Imagine yourself in a room with your family members, and now- take a bird-eye view, of the way you dress, the way you present yourself, and think about your life as a whole.
What kind of decisions have you made in your life that differentiates you from your family of origin?
Think about all that you have achieved since you have left home, who does that make you?
What are your values and what do you value in life now, as an adult?
Think about those who appreciate and accept you fully for who you are in your current life— what do they love about you, despite your flaws and imperfection?
Now imagine yourself standing proud and strong with a renewed, adult sense of self, whilst being in the room with your family members. Acknowledging that though you may be ‘different’, you are not wrong or flawed in any way. You certainly do not deserve to be scapegoated, or forever made to be the black sheep of the family.
And as you have built a new life outside of the home, you are a mere visitor to this place. Nothing that goes on here would threaten your core identity and the love you have in life right now.
Black Sheep Survival Tip 2. Don’t Expect it to be Easy
From the day you left home, you have allowed yourself the time and space to change and grow into a new person, but your family members might not like that.
From the perspective of system theory, your healthy changes have upset the ‘homeostasis’ (albeit it is a toxic one) of the existing family dynamic. Ideally, your family members would celebrate your positive changes, learn to relate to you differently, and eventually settle into a new equilibrium, yet this can take a long time and often does not happen. Instead, they may – though often unconsciously- guilt-trip or criticise you so things can go back to the way they were. These toxic behaviours can be as subtle as a disappointed expression, or as forceful as a violation of your boundaries; You may end up feeling guilt-ridden, manipulated, and threatened.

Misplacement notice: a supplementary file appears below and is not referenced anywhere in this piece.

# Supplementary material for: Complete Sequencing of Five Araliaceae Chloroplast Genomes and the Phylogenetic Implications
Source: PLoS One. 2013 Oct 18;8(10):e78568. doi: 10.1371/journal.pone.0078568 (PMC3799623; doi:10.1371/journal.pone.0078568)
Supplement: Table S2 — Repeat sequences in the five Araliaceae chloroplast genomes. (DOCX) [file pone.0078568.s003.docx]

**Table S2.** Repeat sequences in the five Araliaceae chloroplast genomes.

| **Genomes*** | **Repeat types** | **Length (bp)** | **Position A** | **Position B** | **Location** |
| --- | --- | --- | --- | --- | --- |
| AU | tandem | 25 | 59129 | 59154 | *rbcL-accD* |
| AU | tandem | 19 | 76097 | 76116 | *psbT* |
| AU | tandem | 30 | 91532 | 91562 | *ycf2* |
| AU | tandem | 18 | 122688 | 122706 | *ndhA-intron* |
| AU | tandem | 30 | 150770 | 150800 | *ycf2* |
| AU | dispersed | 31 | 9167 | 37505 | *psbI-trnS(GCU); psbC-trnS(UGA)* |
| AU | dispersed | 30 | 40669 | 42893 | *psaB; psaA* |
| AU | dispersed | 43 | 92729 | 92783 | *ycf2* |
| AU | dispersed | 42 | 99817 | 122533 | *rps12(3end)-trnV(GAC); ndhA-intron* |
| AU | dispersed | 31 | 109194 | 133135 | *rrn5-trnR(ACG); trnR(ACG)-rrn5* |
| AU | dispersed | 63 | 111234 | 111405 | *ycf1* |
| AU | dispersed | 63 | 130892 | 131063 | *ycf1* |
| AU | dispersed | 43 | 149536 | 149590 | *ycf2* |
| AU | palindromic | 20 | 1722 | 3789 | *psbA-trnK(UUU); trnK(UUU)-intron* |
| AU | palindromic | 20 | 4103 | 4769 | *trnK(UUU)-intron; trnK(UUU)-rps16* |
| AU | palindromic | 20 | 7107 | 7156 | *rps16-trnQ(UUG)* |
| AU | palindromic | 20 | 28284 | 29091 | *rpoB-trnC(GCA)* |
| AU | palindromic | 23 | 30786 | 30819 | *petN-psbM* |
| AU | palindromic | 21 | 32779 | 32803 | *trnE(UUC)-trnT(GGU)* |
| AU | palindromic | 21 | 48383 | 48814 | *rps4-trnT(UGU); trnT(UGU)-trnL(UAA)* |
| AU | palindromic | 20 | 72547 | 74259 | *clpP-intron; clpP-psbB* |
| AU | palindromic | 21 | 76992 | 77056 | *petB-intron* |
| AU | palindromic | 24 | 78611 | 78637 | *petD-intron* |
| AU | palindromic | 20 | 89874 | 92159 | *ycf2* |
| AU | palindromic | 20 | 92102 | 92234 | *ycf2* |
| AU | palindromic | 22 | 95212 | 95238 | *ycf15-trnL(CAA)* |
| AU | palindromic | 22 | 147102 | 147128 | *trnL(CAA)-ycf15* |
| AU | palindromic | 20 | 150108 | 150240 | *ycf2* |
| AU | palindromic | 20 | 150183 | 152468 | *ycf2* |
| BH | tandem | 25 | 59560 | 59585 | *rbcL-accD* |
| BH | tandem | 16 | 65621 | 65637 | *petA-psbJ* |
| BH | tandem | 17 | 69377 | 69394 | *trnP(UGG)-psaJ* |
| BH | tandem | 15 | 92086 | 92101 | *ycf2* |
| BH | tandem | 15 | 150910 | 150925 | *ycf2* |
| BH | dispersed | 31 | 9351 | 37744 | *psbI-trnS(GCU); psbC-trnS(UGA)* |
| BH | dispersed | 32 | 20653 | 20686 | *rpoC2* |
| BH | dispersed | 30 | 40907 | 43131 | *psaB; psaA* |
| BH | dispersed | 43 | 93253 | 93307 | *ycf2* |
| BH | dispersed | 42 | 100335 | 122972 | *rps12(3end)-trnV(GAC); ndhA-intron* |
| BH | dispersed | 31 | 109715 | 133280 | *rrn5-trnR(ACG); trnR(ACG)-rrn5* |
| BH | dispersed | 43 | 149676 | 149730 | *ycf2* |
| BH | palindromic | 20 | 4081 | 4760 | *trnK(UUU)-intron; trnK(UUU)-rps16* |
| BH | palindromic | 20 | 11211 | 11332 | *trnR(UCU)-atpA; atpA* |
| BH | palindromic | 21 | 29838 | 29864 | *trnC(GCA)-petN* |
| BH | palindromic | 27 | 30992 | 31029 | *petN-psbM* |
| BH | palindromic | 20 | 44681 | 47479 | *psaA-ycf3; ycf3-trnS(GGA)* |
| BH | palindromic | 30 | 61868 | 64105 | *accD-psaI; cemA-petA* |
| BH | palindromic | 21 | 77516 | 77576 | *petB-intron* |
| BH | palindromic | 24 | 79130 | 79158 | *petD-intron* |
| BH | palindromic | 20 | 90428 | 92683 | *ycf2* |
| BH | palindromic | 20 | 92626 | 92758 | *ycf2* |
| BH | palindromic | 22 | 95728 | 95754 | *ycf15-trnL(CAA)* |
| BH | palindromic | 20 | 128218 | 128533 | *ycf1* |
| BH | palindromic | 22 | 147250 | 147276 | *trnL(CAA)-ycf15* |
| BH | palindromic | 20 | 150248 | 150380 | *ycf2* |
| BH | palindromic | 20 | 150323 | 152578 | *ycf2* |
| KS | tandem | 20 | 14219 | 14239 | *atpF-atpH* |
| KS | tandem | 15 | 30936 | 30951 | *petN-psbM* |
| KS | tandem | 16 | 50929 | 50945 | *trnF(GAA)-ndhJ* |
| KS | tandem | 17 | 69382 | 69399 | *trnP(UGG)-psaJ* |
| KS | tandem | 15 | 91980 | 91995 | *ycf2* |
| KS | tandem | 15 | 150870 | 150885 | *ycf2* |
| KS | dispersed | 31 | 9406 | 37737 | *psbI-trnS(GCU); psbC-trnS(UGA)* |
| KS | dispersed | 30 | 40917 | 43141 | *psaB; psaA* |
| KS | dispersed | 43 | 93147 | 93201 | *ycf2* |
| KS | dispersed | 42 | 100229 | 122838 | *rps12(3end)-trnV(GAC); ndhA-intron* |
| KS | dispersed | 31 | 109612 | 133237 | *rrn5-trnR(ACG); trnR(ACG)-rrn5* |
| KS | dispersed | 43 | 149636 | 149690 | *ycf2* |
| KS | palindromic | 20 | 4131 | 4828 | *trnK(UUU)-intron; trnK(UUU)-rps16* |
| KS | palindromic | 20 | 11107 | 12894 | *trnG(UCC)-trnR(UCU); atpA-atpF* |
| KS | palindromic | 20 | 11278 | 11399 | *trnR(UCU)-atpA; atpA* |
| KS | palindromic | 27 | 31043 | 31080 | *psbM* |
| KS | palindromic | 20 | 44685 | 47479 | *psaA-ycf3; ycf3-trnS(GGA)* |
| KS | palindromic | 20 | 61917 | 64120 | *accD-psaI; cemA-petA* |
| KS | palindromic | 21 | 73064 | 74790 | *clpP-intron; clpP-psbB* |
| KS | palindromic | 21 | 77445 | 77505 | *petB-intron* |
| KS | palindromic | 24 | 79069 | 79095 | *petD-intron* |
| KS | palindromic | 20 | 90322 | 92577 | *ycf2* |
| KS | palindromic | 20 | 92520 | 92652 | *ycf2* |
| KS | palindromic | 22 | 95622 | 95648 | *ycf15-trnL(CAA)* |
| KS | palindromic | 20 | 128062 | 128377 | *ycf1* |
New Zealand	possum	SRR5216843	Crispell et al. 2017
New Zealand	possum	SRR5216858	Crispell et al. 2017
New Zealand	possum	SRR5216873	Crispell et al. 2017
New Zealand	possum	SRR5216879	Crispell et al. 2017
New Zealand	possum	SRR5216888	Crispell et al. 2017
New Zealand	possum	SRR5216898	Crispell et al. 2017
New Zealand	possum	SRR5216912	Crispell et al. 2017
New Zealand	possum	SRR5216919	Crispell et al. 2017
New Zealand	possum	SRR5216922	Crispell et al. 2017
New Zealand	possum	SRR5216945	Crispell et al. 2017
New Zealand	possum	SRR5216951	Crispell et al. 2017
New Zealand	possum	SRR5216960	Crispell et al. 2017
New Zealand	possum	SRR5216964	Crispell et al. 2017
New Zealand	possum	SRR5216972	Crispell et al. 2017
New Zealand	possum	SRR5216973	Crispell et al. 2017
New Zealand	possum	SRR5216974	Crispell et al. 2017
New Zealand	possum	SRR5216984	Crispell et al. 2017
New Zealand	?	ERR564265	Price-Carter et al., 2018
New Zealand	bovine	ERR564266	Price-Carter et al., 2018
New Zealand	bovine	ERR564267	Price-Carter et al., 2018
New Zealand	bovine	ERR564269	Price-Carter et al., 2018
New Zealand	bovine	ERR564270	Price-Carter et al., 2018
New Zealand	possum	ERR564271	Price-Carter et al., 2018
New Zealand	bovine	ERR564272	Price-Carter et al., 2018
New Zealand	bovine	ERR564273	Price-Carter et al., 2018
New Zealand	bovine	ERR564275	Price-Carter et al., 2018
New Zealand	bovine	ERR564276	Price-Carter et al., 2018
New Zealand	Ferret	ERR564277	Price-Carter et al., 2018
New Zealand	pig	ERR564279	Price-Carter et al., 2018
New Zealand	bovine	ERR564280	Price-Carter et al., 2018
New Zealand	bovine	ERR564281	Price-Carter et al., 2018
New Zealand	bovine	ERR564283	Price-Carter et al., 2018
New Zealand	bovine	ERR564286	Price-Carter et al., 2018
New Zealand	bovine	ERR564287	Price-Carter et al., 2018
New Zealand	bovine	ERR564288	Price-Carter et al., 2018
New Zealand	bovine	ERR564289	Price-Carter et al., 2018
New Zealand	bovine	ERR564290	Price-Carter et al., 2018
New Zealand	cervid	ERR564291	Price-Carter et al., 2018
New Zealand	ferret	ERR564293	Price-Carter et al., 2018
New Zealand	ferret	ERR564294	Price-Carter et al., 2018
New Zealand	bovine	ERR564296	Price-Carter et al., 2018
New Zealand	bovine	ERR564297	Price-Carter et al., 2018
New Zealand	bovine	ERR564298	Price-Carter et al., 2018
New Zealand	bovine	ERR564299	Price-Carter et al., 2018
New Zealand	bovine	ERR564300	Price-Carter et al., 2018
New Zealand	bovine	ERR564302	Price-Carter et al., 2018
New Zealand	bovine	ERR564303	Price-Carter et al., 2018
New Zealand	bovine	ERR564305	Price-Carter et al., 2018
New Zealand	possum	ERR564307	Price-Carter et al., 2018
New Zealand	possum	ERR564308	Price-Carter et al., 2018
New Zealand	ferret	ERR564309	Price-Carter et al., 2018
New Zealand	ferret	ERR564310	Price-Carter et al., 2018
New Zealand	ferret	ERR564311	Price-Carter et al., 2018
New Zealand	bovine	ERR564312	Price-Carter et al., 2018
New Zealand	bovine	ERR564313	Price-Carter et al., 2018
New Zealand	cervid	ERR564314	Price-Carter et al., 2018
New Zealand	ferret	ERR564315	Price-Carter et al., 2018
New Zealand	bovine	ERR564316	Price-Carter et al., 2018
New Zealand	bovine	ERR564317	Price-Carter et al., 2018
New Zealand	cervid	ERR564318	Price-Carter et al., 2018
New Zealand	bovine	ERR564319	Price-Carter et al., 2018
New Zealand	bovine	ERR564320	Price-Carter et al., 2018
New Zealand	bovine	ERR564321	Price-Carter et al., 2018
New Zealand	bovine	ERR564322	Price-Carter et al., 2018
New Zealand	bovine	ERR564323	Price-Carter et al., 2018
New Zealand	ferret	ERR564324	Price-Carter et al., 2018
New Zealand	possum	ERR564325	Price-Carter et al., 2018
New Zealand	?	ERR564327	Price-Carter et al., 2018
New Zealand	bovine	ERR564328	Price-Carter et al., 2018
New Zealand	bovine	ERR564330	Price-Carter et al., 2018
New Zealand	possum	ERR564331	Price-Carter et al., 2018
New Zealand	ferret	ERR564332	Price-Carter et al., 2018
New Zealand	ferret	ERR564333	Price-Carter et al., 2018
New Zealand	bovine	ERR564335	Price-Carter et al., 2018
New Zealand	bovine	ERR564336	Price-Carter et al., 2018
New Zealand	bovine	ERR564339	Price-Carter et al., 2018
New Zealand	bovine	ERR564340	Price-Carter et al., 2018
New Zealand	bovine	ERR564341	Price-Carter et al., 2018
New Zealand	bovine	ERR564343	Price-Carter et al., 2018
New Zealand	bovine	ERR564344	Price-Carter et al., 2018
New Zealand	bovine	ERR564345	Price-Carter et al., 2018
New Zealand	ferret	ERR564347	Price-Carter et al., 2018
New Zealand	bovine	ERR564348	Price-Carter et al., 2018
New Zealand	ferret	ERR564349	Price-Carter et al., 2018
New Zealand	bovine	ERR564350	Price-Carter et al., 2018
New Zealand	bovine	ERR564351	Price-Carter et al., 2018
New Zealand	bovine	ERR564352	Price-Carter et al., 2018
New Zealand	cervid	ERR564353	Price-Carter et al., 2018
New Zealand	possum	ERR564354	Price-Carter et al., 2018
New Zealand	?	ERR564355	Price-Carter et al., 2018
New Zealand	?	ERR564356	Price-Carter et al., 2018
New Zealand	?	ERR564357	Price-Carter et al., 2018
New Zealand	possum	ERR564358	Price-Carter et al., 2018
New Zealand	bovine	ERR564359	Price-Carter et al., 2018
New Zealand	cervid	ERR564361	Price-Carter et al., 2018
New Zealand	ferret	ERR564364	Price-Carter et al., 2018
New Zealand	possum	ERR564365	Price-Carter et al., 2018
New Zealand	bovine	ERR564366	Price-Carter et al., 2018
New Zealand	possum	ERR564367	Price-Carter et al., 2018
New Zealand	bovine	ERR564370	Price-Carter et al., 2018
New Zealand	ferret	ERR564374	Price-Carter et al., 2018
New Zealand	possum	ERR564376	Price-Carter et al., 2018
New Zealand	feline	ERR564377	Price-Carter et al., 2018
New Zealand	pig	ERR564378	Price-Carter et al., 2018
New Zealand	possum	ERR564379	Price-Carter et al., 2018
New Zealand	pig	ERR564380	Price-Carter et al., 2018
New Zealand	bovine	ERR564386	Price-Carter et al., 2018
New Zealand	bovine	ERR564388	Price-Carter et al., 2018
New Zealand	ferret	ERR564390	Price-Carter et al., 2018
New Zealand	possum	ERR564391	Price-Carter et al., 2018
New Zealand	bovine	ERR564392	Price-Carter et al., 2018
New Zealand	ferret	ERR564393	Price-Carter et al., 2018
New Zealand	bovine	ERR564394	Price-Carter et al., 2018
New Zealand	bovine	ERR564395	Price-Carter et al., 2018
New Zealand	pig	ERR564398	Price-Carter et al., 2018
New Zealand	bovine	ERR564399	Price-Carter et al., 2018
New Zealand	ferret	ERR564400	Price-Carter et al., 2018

For some individuals, the frustration can also come from a gap of intellectual, emotional or psycho-spiritual development between you and your family members. For instance, despite having the best intention, your relatives may hold onto their more traditional or conventional mindset, whilst you have matured with a wider horizon. They insist to frame you as the black sheep of the family, even you are no longer the same person they used to know. Though benign in nature, their behaviours or commentaries can be irritating, or worse, act as reminders of some of your painful early experiences.
An important part of surviving the reunion is acknowledging that it is not going to be easy. Sometimes it is useful to think of your return as a mere ‘task’, or a project, rather than a vacation. Perhaps imagine yourself playing a role as an actor or actress, whose job is to humour your audience; You can exchange pleasantry, and not take the conversations too seriously. At the end of the day, you can de-role and be who you are again. Just because you have to ‘play’ the role of the black sheep of the family for a day does not mean that is your true identity.
Black Sheep Survival Tip 3. Mourning ‘What Might Have Been’
In addressing the complex feelings when it comes to your family who have once scapegoated and mistreated you, the concept of ‘mourning’ cannot be emphasised enough. It can be a difficult, even painful endeavour, but will ultimately free you up.
Deep inside, we all have a yearning for the caregivers who love, attend to and appreciate us for who we are. We hope for parents who protect us when we feel unsafe and free us up when we need to explore. We wish for parents who are responsive to our true needs, rather than imposing their own agenda. Yearning for the ‘perfect parents’ is the most natural human desire that you carry from the day you were born.